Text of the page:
Every evening throughout the seven days, IPTA branches from different provinces staged ballet, folk and classical dances, songs and plays before large audiences. The whole pandal hummed with songs in various languages, the sound of dancing feet and voices rehearsing plays, as from morning to mid-day the different squads rehearsed their items, on the stage, in the green room and in different corners of the pandal, or artistes from one province tried to learn the songs from another, in order to take them back to their own people.
It is not possible here to give an item by item description of the Festival programme which stretched over 40 hours with over 200 artists participating. Outstanding among over a dozen plays were Delhi Art Theatre 's operetta Call of the Valley, Dalil a drama from Bengal , and a tamasha on unemployment by Anna Bhau Sathe staged by the Maharashtra squad.
The dance items included classical styles like Bharat Natyam and Kathak as well as folk dances from Assam , Maharashtra and other places. The powerful tribal dances of the Warli people and Manipuri and Naga dances presented by very young artists who had to travel for over six days to reach Bombay , proved very popular. Dances by D. K. Roy of Uttar Pradesh and classical dances by Miss Indryani and Rajmani charmed the audience.
There were a number of good songs from different provinces. The beautiful folk melodies by Romen Barua of Assam and the voices of Sulochana and George, a worker, from Kerala, moved the audience, while Nirmal Chowdhury with his songs in the folk tunes of East Bengal was the main attraction and in great demand.
We could show some very good, educative and inspiring items but there were also others which could not impress the audience. lacking as they did any vitality or technical perfection. Thus the stage being the mirror of the IPTA movement, showed up our weaknesses such as insufficient contact with the people and insufficient attention to technical skill and stagecraft. It carried concrete illustrations of our shortcomings which had been discussed during the commissions and made us conscious of our immediate tasks in overcoming them.
On the closing night, after Film Director Hemen Gupta had presented the two Peace Prizes to Delhi and Bengal , the Conference concluded with a grand chrous in which members from many different provinces joined.
Thus ended the Seventh All India Conference after adopting a Manifesto, new organisational principles and a Charter of Demands which will guide IPTA to develop into a national organisation in the service of the people, creating new artistic productions of a high standard representing people's lives.
Unity, May-June 1953
Develop Theatre Arts: Recommendations of the Drama Commission, 7th IPTA Conference
We have discussed the various issues raised by the delegates at Seventh Conference of IPTA, during the deliberations of its Commission on Drama, and have arrived at the following conclusions:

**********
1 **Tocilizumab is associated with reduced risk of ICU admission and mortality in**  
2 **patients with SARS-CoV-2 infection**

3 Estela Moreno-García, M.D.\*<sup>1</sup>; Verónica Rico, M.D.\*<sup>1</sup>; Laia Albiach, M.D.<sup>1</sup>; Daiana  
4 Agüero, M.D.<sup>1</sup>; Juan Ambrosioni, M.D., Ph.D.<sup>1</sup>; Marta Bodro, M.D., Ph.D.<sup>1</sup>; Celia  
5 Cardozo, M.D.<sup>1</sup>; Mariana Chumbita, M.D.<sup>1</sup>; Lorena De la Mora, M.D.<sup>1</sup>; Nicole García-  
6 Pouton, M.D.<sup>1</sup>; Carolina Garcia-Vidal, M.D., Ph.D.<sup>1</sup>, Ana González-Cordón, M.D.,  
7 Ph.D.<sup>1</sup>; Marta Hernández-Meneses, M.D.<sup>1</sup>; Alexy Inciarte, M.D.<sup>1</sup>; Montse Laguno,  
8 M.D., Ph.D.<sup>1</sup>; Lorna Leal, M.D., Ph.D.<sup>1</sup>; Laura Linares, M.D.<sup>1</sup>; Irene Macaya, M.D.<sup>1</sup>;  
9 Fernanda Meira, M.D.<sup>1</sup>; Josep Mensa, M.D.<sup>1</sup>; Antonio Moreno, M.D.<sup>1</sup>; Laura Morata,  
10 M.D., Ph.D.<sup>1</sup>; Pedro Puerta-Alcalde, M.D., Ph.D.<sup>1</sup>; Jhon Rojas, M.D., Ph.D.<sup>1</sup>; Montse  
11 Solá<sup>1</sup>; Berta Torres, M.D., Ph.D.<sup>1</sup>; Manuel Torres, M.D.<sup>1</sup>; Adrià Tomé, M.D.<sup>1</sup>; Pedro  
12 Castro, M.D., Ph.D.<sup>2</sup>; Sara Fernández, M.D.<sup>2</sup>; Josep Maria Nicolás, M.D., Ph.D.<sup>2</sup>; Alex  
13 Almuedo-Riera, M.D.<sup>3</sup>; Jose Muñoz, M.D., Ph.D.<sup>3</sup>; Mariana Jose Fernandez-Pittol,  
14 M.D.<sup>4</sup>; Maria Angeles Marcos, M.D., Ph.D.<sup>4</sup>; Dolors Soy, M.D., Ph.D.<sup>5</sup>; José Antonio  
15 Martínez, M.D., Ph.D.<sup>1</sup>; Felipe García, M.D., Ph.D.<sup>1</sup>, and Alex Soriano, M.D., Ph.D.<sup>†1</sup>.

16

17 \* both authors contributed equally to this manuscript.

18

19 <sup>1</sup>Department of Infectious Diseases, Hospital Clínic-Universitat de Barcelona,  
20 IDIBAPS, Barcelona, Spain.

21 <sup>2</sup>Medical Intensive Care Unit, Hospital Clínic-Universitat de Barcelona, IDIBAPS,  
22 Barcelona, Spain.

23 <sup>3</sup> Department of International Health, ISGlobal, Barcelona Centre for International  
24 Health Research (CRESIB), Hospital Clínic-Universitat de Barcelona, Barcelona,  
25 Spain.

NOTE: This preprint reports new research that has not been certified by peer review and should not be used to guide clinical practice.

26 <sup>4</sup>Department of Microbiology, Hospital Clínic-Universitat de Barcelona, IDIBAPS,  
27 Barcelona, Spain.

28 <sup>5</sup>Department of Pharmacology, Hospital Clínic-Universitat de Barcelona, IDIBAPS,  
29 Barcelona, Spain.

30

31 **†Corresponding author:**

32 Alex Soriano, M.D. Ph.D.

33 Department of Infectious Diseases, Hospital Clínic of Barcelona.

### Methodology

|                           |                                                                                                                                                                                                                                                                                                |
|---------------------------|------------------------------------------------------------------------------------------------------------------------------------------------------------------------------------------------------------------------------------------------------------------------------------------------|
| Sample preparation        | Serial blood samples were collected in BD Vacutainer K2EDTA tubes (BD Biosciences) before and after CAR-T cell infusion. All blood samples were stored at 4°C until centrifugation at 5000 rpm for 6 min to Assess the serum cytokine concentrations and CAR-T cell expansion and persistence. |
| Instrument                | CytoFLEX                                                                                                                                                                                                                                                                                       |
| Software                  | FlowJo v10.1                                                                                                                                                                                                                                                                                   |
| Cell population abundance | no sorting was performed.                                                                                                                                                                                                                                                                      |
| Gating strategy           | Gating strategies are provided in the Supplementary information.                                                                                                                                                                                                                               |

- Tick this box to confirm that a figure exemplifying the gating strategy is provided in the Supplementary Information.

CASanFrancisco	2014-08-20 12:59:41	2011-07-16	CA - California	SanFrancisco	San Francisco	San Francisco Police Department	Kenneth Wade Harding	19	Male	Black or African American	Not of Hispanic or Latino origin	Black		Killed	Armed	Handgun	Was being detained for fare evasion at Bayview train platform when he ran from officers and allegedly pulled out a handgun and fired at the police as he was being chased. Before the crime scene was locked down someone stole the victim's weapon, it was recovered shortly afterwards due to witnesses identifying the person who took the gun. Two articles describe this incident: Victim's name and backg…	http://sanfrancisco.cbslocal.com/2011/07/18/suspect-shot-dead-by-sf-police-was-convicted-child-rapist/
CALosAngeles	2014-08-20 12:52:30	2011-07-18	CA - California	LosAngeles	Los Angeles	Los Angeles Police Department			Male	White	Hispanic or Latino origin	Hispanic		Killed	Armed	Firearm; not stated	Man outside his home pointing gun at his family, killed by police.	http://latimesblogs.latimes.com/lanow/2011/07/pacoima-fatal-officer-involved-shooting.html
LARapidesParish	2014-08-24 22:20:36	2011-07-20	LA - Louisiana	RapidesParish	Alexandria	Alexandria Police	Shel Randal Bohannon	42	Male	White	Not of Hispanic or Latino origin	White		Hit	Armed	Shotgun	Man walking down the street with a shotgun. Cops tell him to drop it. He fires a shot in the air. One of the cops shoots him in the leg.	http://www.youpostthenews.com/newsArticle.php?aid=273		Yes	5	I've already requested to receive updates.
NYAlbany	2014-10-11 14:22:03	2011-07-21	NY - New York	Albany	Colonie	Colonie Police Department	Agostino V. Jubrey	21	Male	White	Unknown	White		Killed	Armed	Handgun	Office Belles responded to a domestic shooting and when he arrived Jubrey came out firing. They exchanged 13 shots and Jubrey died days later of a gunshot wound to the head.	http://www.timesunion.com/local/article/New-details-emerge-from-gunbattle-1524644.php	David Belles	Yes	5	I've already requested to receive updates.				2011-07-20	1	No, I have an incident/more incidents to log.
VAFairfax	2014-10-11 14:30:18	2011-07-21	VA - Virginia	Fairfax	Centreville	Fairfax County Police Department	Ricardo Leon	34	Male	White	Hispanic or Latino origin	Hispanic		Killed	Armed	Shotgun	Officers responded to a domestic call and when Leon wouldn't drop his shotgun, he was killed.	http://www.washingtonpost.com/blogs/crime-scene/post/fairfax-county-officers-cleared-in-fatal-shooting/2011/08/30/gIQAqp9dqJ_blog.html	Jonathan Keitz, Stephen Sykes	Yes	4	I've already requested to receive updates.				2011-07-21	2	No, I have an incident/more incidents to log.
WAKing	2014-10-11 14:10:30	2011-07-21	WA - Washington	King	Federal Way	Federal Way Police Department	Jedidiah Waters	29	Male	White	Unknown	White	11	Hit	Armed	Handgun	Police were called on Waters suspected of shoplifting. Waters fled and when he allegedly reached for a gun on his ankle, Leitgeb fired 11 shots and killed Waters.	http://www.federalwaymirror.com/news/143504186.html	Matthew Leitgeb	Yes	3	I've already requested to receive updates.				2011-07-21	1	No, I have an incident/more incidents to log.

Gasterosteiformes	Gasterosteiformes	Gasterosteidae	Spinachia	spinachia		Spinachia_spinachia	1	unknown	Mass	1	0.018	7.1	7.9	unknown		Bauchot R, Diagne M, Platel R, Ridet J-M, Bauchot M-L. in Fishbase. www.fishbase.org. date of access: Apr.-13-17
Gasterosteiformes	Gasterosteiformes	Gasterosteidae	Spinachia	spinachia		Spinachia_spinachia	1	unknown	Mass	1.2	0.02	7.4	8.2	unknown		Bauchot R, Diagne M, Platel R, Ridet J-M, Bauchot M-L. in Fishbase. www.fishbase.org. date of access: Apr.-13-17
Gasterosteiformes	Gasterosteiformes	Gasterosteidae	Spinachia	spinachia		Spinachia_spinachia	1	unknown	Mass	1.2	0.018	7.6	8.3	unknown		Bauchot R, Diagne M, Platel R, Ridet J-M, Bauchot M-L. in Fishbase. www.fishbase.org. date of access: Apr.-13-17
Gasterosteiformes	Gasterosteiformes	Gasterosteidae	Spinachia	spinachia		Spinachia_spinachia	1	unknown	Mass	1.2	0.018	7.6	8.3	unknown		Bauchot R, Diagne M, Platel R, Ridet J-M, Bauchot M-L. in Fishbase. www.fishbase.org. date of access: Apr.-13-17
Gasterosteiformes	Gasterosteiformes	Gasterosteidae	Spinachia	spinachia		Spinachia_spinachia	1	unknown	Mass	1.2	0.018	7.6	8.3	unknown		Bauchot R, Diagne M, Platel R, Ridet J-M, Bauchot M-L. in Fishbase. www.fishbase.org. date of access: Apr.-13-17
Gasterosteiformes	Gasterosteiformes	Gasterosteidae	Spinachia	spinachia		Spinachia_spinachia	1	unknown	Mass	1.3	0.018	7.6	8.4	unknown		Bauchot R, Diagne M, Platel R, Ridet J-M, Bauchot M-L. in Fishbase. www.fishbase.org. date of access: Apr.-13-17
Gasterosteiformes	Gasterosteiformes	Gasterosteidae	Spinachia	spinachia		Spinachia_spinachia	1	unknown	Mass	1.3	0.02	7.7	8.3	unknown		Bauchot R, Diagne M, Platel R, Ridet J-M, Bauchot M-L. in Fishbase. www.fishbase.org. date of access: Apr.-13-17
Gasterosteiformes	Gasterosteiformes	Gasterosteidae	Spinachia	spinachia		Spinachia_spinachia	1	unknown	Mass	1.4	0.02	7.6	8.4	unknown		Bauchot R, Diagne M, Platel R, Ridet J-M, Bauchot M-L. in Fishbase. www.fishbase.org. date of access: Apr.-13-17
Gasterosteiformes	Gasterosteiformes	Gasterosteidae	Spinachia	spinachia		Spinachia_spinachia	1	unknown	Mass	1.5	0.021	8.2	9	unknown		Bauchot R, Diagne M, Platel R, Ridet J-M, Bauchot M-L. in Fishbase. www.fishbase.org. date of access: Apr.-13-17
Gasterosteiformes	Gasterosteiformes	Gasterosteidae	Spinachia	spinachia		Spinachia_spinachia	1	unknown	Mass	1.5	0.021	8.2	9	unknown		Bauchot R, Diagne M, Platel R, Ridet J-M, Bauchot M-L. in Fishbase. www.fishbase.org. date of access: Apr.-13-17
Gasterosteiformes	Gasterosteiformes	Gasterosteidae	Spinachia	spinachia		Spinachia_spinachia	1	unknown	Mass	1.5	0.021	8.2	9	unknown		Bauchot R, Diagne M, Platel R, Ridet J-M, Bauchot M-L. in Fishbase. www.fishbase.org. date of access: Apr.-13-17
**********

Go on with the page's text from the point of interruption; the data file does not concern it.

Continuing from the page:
The primary function of IPTA is to develop Theatre Arts in this country. Drama being the main component of these arts, it must concentrate on the development of Drama by enlisting the co-operation of playwrights in its work, by a creative inter-pretation of classical plays, by carrying forward the democratic elements in our culture and by fostering the growth of a truly contemporary drama, which reflects the life and struggles of the people for a freer and fuller life.
IPTA believes that dramatic arts by their very nature, cannot dispense with social content. In the present conditions of life, the only valid social content is that which is on the side of social progress and is an incentive to social transformation to achieve greater economic and social justice for our people.
Such a dramatic art cannot be confined to one kind of play. It has room for tragedy as well as comedy, for tears as well as laughter. Not only must greater attention be paid to full length plays with social significance, but everything possible must also be done to develop the many folk forms of drama, which have been evolved by our people through the centuries to express their sorrows and joys.
The Commission feels that the tendency that stage craft (decor, lights, costumes, etc.) are not necessary for village plays, is wrong and everything possible must be done to develop the existing village stage. This process will help to bridge the gulf between the village and the town.
Attention must also be paid to those forms which thrive on satire which is in some ways the most effective weapon to ex-pose the injustices, follies and contradictions of a social system based on greed and suppression of people's rights and culture.
All healthy entertainments, which in no way debase the taste of the people and treat sex and crime in an antisocial way, must be encouraged. The IPTA in its dramatic works, while always keen to imbibe healthy influences from abroad, must strive to see that its work is rooted in the national tradition. All cosmopolitan tendencies, which have no relevance to our living conditions and social struggles, must be opposed. We shall strive to develop the specific culture of our various nationalities.
The writers for IPTA must have intimate contact with the people and should deal with only those themes with which they are familiar. Basing dramatic works on preconceived ideas and slogans without an intimate knowledge of the life with which they deal, can only distort reality.
A question has been raised, as to who shall be the hero and who shall be the villain of our plays. From the above it is clear that our hero can be he who is on the side of social progress, and our villain is he who impedes this progress.